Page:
20210114_094935As I mentioned in Blog 1, we lived a long way from our paternal grandparents. In the old Landcruiser and van, it would take us a good 12 hours to get to Bellangry, a rural area on the mid north coast, approximately 25km of winding road from Wauchope. Nan and pop’s dairy was one of the last properties before you really hit the depths of the beautiful Bellangry State Forest. Log trucks were just about the most regular form of transport that passed my grandparents property for the early part of my life with ‘The Mill’ fully operational for until probably 20 years ago (just a guess…and my friend Google was not helpful).
The Carry-All was put on for our visits
Being dairy farmers, it was early starts for my grand father and uncle. My grandfather would stoke the fuel stove and stock it ready for my grandmother when she rose. They then commenced the morning prayers and gave thanks for their provisions and set off to gather the herd from the night paddock that was situated next to the farm house, which was across the road from the dairy (which they referred to as ‘the bales’ – six stalls with feeders in between in stall that fed the cows as they were milked).
We could go anywhere on the Massey. Through creek beds and up hills….
In winter, it was very early, very dark and very cold! Once we loaded on our gumboots (which were strategically placed one inside the other under the house), we strutted off with excitement to the Massey Ferguson for an adventure down the hill. Most of the girls had already commenced the casual stroll up the hill to the gate in anticipation of the mornings milking and a feed of chaff. Our excited friends would be tugging on their chains, bursting to say good morning and do their round up duties, apart from the house dog, who sat outside the side door over night. When we were visiting, the carry-all would be attached to the hydraulics so that we could travel around with our pop and assist with gate duties. Sometimes it was a full house on the carry-all, there was a battle for the best twine or rope attachment to allow you to swing (carefully) at the back of the carry-all. Regardless of whether we were there at Christmas or not, we always ended up singing ‘Jingle Bells’….something about the baling twine brought on thoughts of dashing through the snow…..?
Nan and Pop had dairy and beef cattle
We checked that every cow was accounted for, spotted the odd fox and moved the girls across the road, down the hill and back up to wait for milking. When we reached our destination, my grandfather’s tanned, bent nose would always have a leak, which he attended to after dismount. Pop’s nose had been hit by a wayward cow during milking a long time ago. When you are up close and personal with flighty cows with a wayward back leg, anything could happen…..I used to always think how painful that would have been.
Even though it was lush most of the time, we spent a lot of time distributing hay in the dry periods. The dairy cattle would be put on and off the irrigated ‘feed’.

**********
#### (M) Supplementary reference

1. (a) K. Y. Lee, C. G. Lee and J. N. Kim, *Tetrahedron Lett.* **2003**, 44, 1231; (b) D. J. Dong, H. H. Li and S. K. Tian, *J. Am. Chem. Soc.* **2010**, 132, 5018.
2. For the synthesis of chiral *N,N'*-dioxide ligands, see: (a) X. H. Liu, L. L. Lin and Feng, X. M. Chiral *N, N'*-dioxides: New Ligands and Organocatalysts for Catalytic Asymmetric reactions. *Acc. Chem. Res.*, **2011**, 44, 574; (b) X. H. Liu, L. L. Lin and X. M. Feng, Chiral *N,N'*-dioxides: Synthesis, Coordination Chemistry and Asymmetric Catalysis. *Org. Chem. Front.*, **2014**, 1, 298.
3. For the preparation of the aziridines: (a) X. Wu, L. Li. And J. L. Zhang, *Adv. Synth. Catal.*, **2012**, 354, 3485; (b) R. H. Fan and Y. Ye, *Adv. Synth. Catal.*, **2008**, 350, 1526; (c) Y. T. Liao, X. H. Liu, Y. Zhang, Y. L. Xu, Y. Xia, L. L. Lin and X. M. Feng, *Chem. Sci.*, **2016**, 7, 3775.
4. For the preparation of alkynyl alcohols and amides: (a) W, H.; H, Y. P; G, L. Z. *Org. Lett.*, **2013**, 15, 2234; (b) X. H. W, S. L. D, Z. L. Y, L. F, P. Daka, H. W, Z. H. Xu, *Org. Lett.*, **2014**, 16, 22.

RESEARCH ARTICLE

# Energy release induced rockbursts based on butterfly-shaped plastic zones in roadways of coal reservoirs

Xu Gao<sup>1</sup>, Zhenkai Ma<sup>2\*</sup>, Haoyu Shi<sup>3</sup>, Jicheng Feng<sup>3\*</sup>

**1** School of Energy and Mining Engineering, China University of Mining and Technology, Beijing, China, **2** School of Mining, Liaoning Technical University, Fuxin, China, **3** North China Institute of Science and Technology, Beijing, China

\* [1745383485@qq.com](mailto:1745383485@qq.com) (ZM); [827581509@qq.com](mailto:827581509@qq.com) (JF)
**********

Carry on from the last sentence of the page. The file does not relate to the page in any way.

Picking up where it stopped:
In our younger years we would literally just hang out at the bar gate dividing the bales from the washing/storage room. Next door was the vat room that contained two massive vats that would be filled with fabulous, creamy, white milk!  If we were lucky, one of the dogs would sit with us and we could just hang and pat. As we grew, we were taught to clean teats and whack on the suction caps that would deliver all of that fabulous goodness to Australia! This is where I learnt about mastitis, birth, death, bulls, sex and separation. Of course, separation has to happen to have this beautiful milk that we drink on a large scale. Have you have never thought about that? I’m still drinking milk, cows still look happy in their clover and the world keeps turning, but we have that milk because of that process. After milking, the clean up began. Of course, there was only tank water to clean the bales…which sometimes we may have forgotten. There was a job to do…..and those cows could make some pretty impressive mess!
We learnt about most of the basics on the farm….mastitis, birth, death, sex and bulls!
Once the clean up was complete, it was off to feed the calves. Of course, if you have 100 dairy cows to milk in the morning, there are going to be calves with buckets of milk mix. Calvies (as they were called) sucking our hands was the most fun part of the morning. I think that the thought that we were acting as replacement mothers and giving them some love was also an appealing part of the experience. Then…once it seemed like half of the day was over and it was only 8am….we strutted back across the road for a hearty breakfast….yes, I mean HEARTY! If you missed the milking, you prepared breakfast with Nan and fed the chooks. More about that in the next blog. So…I have got to the end and not told you why I love cows! They have the most beautiful big eyes, with amazing lashes…and, most of the time, they are graceful. I would say elegant! They produce one of the most amazing products that can ever be consumed! We are so fortunate to have access to this fresh, wonderful product. Find out more about Landcare NSW. My next blog is here.